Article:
Java Servlet Specification 3.0 – Overview and Quick Intro

Posted on August 9, 2010

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Java Servlet Technology which is the widely accepted technology for creating dynamic java web applications and which is behind all the modern java web frameworks. This major release tries to address the most wanted featues from the community as a JSR and is approved in the form of JSR 315 and is planned to be part of JEE6 (JSR 316). The main focus for this release in helping in ease of developemnt using Java annotations, Pluggability and extendability of using fragments, Asynchoronos Servlet support and security enhancements.

Ease of Development

Using annoations Servlets join the band wagon of using declarative-style programming along with JPA, EJB3, Spring and the rest. This helpa developing Servlets, Filters more easily with the code and the related configuration in the same place and thus making the web.xml an optional. It’s the Servlet 3.0 supported contianer which will process all the classes at boot time to find out all the annotated servlets, filters and listener classes and made them available for serving. If you don’t want the container to process all the class files to figure out the annotated classes, you can turn it off using the new web.xml configuration parameter metadata-complete on web-app element to true. The other important addition which helps in ease of development and configuration is programmatic setup of serlvets and filters.

The new sample web.xml configuration

1: <web-app xmlns=”http://java.sun.com/xml/ns/javaee&#8221; xsi=”http://www.w3.org/2001/XMLSchema-instance&#8221; schemalocation=”http://java.sun.com/xml/ns/javaee http://java.sun.com/xml/ns/javaee/web-app_3_0.xsd&#8221; version=”3.0″>

2:   <display-name>Sample Web Application to test Servlet 3.0 </display-name>
3:  </web-app>

@WebServlet and @WebFilter are the two main annotations for configuring the servlets and filters in Servlet 3.0.

The urlPatterns attribute of the @WebServlet annotation qualifies the URL’s for this servlets to respond.

1: @WebServlet(name = “helloServlet”, urlPatterns = {“/hello”})

2:  public class HelloServlet extends HttpServlet {
3:  
4:  protected void doGet(HttpServletRequest request, HttpServletResponse response) throws ServletException, IOException {
5:   PrintWriter writer = response.getWriter();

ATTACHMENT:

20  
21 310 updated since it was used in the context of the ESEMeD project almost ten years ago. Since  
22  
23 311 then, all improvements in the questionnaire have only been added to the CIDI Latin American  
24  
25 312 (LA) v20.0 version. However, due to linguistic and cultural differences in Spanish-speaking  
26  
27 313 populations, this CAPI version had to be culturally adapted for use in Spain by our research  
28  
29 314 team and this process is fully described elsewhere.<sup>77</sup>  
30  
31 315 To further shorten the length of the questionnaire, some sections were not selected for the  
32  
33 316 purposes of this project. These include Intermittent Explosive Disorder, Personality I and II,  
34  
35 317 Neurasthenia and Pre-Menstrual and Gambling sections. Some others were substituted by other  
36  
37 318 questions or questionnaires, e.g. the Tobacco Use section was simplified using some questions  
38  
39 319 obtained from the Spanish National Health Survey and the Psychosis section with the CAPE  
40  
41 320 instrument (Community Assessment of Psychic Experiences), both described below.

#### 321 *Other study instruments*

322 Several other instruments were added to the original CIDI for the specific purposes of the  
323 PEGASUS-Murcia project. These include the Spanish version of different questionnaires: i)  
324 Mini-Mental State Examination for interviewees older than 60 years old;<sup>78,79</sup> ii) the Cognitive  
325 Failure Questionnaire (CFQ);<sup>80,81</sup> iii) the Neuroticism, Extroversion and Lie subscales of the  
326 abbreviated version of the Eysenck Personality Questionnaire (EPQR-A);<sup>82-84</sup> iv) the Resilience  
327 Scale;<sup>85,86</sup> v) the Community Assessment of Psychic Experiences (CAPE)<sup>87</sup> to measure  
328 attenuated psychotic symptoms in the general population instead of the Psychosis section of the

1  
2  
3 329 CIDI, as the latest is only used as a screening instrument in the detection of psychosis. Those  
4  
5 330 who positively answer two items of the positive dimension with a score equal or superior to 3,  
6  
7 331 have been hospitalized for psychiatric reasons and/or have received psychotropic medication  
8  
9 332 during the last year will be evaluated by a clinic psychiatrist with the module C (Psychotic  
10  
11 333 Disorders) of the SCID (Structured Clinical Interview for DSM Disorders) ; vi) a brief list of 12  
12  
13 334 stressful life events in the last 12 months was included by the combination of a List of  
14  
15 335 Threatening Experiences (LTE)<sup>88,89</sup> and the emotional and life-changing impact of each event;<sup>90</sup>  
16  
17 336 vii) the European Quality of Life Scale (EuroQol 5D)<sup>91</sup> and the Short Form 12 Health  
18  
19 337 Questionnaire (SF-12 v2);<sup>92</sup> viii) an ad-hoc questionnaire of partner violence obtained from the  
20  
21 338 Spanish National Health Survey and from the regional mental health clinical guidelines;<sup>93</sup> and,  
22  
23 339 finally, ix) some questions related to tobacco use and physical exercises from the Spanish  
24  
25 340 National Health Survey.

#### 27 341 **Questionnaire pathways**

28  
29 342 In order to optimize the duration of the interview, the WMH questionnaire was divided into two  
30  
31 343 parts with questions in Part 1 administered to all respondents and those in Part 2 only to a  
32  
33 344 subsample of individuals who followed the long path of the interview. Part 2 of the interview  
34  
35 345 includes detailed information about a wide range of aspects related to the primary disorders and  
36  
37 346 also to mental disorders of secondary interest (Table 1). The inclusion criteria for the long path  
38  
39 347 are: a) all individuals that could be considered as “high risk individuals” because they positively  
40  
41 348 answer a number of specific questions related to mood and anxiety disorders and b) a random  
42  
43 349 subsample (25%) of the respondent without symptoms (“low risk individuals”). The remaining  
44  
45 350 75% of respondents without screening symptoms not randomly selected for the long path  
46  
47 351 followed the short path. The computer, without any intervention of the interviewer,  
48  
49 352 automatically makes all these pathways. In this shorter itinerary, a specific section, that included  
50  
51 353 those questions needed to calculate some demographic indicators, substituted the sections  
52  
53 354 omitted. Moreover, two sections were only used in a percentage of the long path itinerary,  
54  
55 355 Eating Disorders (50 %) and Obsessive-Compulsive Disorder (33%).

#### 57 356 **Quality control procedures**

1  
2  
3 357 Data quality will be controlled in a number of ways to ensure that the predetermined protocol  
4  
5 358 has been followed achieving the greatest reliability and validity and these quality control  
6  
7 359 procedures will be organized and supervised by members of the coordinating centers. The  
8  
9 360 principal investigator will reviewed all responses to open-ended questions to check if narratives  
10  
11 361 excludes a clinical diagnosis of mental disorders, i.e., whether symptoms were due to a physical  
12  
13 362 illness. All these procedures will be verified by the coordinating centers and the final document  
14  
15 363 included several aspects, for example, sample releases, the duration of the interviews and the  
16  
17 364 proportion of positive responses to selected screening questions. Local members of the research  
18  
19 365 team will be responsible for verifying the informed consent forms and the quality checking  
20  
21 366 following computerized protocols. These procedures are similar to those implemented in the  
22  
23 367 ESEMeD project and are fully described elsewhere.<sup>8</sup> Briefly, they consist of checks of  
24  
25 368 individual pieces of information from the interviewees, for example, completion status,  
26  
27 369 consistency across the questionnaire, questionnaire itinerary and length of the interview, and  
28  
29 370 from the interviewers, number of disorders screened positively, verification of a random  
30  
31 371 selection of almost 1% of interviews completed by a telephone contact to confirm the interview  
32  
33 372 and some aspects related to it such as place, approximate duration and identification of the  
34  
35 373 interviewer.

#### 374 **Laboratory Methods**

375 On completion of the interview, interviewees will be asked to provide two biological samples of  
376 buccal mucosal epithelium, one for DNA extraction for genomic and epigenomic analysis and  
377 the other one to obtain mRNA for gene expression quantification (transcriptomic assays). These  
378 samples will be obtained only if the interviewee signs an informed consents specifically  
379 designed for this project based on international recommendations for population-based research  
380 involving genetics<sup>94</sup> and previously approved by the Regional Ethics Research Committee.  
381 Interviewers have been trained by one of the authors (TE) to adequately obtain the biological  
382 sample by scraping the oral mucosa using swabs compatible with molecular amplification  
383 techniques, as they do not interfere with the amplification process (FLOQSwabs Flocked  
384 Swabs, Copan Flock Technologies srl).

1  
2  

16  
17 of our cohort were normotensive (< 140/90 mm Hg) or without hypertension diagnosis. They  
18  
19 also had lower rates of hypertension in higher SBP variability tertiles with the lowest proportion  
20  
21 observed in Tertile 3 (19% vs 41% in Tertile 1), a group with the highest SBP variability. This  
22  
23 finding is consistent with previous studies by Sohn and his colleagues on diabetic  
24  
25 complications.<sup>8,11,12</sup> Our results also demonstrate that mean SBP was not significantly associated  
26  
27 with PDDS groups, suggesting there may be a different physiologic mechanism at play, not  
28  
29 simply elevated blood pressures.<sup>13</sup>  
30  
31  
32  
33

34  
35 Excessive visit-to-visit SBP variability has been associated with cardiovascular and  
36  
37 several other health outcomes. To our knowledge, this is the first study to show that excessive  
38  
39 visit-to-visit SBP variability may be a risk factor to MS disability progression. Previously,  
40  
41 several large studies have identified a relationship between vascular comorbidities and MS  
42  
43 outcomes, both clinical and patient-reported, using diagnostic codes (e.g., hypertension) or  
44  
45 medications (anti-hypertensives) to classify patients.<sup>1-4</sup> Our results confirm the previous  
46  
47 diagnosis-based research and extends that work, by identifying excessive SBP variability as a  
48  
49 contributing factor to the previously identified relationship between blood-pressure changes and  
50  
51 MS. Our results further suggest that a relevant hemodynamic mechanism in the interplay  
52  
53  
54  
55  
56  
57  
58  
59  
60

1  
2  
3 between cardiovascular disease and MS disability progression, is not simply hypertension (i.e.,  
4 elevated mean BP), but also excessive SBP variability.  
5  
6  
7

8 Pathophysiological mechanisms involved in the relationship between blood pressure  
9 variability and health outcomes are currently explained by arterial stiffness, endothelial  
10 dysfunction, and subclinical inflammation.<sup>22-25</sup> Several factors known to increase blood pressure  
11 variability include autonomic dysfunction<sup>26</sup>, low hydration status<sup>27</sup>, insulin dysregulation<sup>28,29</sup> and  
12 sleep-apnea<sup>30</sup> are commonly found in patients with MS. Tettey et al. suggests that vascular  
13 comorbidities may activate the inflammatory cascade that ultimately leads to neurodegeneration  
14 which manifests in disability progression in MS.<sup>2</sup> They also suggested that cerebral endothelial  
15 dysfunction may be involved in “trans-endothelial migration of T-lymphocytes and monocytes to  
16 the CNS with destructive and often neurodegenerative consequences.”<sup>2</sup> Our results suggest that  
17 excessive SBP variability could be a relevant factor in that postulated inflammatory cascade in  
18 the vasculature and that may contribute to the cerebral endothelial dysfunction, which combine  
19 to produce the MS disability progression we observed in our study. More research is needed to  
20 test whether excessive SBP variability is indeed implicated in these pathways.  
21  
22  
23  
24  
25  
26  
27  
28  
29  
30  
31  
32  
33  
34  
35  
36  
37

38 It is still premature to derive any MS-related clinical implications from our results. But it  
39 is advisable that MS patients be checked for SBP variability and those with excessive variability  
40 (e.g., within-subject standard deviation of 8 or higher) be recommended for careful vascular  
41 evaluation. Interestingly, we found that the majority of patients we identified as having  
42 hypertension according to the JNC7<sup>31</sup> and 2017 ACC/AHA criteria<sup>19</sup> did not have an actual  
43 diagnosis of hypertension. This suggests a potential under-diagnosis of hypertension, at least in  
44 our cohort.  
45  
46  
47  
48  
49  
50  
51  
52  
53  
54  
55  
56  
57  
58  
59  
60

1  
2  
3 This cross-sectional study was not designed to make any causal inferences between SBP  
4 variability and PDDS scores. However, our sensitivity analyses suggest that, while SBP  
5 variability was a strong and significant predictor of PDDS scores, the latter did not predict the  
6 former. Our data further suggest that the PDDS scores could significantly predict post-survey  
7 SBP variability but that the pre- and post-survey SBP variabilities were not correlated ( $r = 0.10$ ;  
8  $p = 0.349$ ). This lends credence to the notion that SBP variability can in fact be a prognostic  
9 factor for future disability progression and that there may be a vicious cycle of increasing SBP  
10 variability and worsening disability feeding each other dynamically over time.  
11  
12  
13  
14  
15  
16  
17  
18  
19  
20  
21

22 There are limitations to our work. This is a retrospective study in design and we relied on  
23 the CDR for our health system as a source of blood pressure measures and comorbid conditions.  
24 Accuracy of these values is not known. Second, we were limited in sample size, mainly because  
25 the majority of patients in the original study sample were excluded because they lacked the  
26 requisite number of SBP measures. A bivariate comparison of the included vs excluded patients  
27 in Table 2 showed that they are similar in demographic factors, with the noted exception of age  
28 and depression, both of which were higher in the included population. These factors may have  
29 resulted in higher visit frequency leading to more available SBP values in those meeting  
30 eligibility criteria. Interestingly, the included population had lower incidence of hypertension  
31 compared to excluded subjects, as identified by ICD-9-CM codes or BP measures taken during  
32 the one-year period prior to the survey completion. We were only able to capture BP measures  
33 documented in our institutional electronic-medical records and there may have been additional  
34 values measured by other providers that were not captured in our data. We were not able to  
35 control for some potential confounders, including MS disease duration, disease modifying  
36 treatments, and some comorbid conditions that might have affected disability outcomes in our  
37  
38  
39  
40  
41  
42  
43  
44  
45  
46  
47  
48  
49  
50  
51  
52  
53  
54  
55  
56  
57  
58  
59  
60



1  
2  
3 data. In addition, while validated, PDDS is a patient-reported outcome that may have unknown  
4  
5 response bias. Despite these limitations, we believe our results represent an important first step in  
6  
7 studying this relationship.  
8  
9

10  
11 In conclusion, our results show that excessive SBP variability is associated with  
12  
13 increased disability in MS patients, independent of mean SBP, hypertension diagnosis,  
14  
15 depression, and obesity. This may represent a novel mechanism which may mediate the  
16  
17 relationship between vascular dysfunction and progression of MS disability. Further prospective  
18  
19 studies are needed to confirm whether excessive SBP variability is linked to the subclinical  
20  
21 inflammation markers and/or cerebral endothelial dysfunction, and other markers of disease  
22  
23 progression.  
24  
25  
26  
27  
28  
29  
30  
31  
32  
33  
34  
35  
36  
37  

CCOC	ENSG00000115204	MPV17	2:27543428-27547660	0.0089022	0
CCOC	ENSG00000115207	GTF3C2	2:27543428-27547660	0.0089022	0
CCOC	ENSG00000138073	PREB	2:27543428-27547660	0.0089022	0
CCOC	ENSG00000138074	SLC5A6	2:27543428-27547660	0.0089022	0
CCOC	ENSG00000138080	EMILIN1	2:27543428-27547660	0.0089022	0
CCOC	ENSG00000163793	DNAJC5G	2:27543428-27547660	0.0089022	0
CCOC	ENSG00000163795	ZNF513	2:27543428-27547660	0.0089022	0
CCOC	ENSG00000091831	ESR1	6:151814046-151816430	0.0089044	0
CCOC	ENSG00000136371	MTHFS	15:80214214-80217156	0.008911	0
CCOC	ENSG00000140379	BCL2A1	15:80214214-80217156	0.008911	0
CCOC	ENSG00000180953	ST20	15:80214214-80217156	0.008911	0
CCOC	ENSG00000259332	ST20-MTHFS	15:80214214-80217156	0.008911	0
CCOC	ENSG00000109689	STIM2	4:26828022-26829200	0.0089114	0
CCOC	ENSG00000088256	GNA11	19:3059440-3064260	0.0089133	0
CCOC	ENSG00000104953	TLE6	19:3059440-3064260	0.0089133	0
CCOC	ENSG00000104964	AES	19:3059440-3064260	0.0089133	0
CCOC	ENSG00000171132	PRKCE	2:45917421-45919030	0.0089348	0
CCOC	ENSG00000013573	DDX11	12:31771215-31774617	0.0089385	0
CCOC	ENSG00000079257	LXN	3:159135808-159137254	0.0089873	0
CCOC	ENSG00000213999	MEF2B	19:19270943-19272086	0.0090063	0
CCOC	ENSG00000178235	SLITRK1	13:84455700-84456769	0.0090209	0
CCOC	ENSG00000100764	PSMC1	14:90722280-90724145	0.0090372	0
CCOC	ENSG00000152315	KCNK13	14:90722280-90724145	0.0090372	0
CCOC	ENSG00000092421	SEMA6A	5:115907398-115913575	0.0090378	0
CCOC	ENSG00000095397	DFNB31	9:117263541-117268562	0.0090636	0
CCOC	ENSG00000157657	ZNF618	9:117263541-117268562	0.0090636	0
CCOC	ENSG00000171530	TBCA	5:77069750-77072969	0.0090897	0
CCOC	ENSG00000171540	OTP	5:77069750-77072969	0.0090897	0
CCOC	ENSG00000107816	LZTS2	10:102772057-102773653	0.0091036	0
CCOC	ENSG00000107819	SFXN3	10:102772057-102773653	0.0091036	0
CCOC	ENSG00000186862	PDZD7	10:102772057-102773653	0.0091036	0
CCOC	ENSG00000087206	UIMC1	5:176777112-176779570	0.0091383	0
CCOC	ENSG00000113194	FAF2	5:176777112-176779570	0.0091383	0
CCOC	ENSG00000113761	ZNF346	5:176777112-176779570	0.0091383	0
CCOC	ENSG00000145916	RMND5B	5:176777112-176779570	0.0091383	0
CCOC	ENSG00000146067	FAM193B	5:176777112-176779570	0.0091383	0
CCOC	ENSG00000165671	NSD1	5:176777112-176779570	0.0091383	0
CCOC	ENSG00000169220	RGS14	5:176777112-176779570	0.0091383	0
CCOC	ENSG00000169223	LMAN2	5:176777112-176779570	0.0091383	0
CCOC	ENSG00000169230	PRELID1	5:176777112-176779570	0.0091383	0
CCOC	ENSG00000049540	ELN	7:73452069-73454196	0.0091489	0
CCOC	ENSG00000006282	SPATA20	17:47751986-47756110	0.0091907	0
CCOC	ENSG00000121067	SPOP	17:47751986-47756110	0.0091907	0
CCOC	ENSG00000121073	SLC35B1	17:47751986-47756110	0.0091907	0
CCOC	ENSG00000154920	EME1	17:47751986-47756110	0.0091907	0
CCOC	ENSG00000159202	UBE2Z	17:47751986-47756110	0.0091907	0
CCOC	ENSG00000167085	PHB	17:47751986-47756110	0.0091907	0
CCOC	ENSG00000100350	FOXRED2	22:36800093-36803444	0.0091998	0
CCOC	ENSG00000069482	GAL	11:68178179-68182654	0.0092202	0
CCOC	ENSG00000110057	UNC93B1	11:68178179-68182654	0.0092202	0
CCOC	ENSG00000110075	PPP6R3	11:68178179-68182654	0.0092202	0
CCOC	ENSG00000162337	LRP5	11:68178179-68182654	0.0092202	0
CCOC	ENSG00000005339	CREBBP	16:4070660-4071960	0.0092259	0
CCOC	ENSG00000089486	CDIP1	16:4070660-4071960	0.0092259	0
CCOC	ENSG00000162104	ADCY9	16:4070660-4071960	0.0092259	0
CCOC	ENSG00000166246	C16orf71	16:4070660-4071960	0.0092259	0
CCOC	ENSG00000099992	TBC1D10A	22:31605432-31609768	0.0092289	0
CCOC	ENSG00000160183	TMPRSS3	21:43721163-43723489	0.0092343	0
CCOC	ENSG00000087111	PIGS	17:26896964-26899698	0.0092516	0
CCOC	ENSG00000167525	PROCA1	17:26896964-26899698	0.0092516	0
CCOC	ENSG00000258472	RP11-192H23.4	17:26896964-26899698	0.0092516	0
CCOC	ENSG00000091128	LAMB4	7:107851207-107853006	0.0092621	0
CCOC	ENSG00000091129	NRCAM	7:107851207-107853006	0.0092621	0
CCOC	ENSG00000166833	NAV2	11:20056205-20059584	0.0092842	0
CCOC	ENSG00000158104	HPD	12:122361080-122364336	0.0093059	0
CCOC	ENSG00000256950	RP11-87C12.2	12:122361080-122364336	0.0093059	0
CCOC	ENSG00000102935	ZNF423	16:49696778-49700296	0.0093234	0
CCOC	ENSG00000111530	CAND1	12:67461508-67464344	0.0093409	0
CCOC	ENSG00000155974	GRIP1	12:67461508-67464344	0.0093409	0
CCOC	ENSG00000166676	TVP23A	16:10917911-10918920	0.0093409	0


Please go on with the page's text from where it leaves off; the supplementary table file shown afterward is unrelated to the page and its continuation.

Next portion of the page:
6:   writer.print("<h1>HttpServlet using Servlet 3.0</h1>");
7:  
8:  }
9:  }

Note that the class still needs to extends HttpServlet (It is a mandatory requirement)
Servlet filters and Listeners follow the same pattern except that the class needs to implement Filter and ServletContextListener classes and the annoation @WebFilter, @WebListener respectively

Asynchronous Support

Asynchronous Http Request Processing (aka Comet) is a way that allows you to process a single Http Request using non-blocking I/O. More details about Coment and Asynchronous programming here(http://en.wikipedia.org/wiki/Comet_%28programming%29). Basically all this means is your servlet can continue working on the request while waiting for some other resource to be released or some other operation to be done like a database update.
To enable async support for your servlet, you can enable it using asyncSupported attribute of @WebServlet to true. Enabling this will give you support for few new methods in the Servletrequest itself inclluding startAsync(servletRequest, servletResponse), startAsync(), and getAsyncContext(). Once async attribute is set on the Servlet class you should either call startAsync(servletRequest, servletResponse) or startAsync() method to make an asynchronous request.

A simple example:
1: @WebServlet(“/foo” asyncSupported=true)

 2:  public class MyServlet extends HttpServlet {
 3:   public void doGet(HttpServletRequest req, HttpServletResponse res) {
 4:       AsyncContext aCtx = request.startAsync(req, res);
 5:       ScheduledThreadPoolExecutor executor = new ThreadPoolExecutor(10);
 6:       executor.execute(new AsyncWebService(aCtx));
 7:   }
 8:  }
 9:  
10:  public class AsyncWebService implements Runnable {
11:   AsyncContext ctx;
12:   public AsyncWebService(AsyncContext ctx) {
13:       this.ctx = ctx;
14:   }
15:   public void run() {
16:       // Invoke web service and save result in request attribute
17:       // Dispatch the request to render the result to a JSP.
18:       ctx.dispatch("/render.jsp");
19:  }
20:  }

More detailed tutorial on writing Asynchronous Servlets in my next entry.

Pluggability

A new notion called web fragments has been introduced in servlet 3.0 specification which helps reduce the configuration. A webfragment is a part or all of web.xml configuration that can be specified by any framework or a jar file dropped into the web application. In this way the framework can by default configure itself to work with the application with out the application developer confioguring it.

1: <web-fragment>

 2:  <servlet>
 3:  <description></description>
 4:  <display-name>TestServlet</display-name>
 5:  <servlet-name>TestServlet</servlet-name>
 6:  <servlet-class>sample.TestServlet</servlet-class>
 7:  </servlet>
 8:  <servlet-mapping>
 9:  <servlet-name>TestServlet</servlet-name>
10:  <url-pattern>/TestServlet</url-pattern>
11:  </servlet-mapping>
12:  </web-fragment>
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